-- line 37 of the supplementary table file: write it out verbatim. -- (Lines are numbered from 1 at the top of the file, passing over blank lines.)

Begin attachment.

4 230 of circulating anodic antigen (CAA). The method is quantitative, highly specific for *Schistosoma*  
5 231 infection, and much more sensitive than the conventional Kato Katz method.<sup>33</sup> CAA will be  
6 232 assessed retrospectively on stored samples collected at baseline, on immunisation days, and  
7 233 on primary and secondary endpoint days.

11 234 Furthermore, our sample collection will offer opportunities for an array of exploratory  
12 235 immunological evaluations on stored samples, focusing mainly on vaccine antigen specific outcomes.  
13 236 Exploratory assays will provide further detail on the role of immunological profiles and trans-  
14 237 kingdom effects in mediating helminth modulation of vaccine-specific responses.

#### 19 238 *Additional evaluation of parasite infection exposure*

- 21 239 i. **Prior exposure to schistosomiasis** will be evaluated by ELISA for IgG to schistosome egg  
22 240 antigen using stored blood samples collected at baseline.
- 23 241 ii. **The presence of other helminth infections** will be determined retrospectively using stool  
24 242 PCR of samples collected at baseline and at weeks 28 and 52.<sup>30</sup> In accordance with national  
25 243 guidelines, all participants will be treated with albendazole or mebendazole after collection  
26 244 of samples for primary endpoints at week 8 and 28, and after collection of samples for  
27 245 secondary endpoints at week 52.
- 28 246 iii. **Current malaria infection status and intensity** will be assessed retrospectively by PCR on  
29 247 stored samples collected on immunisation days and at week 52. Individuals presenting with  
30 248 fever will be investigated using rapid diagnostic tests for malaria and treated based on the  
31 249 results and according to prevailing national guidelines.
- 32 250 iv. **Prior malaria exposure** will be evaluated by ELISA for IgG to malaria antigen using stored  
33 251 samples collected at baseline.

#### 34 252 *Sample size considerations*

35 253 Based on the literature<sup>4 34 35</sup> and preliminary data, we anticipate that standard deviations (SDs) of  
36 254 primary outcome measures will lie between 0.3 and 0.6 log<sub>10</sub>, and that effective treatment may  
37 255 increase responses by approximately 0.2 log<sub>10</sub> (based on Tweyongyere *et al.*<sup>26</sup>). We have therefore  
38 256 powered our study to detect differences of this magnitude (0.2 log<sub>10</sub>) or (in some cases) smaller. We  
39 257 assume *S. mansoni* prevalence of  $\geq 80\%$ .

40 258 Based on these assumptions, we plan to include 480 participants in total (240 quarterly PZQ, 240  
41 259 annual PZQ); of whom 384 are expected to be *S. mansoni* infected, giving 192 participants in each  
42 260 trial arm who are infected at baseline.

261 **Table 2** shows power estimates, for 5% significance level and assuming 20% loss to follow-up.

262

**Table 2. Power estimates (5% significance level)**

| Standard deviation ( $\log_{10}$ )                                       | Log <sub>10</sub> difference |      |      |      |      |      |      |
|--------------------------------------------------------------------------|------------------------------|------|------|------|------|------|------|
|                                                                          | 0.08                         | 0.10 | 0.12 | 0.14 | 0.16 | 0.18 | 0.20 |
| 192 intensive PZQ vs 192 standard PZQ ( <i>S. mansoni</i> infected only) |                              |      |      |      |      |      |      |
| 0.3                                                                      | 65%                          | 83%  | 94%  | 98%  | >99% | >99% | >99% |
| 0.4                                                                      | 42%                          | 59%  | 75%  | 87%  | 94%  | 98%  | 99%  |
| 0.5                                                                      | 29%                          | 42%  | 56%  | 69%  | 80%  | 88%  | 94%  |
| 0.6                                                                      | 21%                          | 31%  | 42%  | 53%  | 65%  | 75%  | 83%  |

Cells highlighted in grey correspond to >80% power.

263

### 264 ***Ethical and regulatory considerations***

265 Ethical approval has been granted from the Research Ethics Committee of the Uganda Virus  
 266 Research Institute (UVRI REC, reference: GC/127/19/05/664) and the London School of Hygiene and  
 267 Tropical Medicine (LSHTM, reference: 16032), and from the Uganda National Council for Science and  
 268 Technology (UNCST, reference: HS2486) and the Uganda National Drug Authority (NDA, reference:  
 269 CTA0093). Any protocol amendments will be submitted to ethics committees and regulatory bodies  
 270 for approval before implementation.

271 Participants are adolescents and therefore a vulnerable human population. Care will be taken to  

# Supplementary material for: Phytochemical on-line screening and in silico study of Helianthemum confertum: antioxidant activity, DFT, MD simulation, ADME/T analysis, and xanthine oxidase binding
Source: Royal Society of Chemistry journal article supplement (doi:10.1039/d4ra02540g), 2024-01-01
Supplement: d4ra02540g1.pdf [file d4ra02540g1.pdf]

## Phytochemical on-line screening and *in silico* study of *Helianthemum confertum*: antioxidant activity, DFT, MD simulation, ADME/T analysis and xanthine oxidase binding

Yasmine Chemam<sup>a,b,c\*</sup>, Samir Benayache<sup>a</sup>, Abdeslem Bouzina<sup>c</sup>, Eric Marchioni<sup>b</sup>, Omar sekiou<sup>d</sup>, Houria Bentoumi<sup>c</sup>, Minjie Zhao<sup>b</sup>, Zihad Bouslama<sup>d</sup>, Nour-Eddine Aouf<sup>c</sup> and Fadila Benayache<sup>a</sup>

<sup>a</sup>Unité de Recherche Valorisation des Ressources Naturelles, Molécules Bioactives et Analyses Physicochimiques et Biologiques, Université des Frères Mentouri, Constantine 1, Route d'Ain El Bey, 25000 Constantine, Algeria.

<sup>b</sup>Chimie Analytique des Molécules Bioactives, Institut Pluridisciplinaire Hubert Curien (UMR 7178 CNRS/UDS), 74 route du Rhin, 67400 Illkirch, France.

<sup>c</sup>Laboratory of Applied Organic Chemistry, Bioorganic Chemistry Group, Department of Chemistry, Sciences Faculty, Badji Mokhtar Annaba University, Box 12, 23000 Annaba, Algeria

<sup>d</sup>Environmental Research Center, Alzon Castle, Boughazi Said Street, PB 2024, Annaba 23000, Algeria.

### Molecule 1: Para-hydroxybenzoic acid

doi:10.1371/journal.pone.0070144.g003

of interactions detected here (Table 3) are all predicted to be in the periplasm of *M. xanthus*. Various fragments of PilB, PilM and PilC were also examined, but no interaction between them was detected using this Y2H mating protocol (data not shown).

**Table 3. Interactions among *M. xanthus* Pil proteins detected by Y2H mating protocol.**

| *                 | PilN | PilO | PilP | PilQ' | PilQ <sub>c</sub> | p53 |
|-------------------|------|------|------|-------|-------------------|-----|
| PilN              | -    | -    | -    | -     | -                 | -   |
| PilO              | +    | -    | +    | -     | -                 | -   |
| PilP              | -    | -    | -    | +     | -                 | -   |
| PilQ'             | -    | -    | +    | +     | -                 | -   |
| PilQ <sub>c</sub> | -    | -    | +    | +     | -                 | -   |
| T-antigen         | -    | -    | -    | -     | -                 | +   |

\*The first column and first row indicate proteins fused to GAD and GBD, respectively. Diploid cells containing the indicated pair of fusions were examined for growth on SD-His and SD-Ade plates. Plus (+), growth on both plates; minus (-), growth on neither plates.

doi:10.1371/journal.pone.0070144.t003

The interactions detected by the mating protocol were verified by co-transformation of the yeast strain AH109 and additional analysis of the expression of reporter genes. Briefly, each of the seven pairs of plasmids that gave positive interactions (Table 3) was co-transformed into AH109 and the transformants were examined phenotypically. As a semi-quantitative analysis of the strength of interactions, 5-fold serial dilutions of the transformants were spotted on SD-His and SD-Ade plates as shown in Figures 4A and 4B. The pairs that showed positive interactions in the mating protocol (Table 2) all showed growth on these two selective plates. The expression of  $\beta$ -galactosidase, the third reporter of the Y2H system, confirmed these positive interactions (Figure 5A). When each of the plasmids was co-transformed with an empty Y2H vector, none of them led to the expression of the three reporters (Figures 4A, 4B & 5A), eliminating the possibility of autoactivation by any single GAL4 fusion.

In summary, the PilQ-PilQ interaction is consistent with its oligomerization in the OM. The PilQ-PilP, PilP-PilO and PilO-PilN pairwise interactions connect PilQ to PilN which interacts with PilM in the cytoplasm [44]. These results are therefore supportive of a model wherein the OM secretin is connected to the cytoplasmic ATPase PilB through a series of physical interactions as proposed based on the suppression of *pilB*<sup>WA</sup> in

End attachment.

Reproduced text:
|                                                                          | 0.08                         | 0.10 | 0.12 | 0.14 | 0.16 | 0.18 | 0.20 |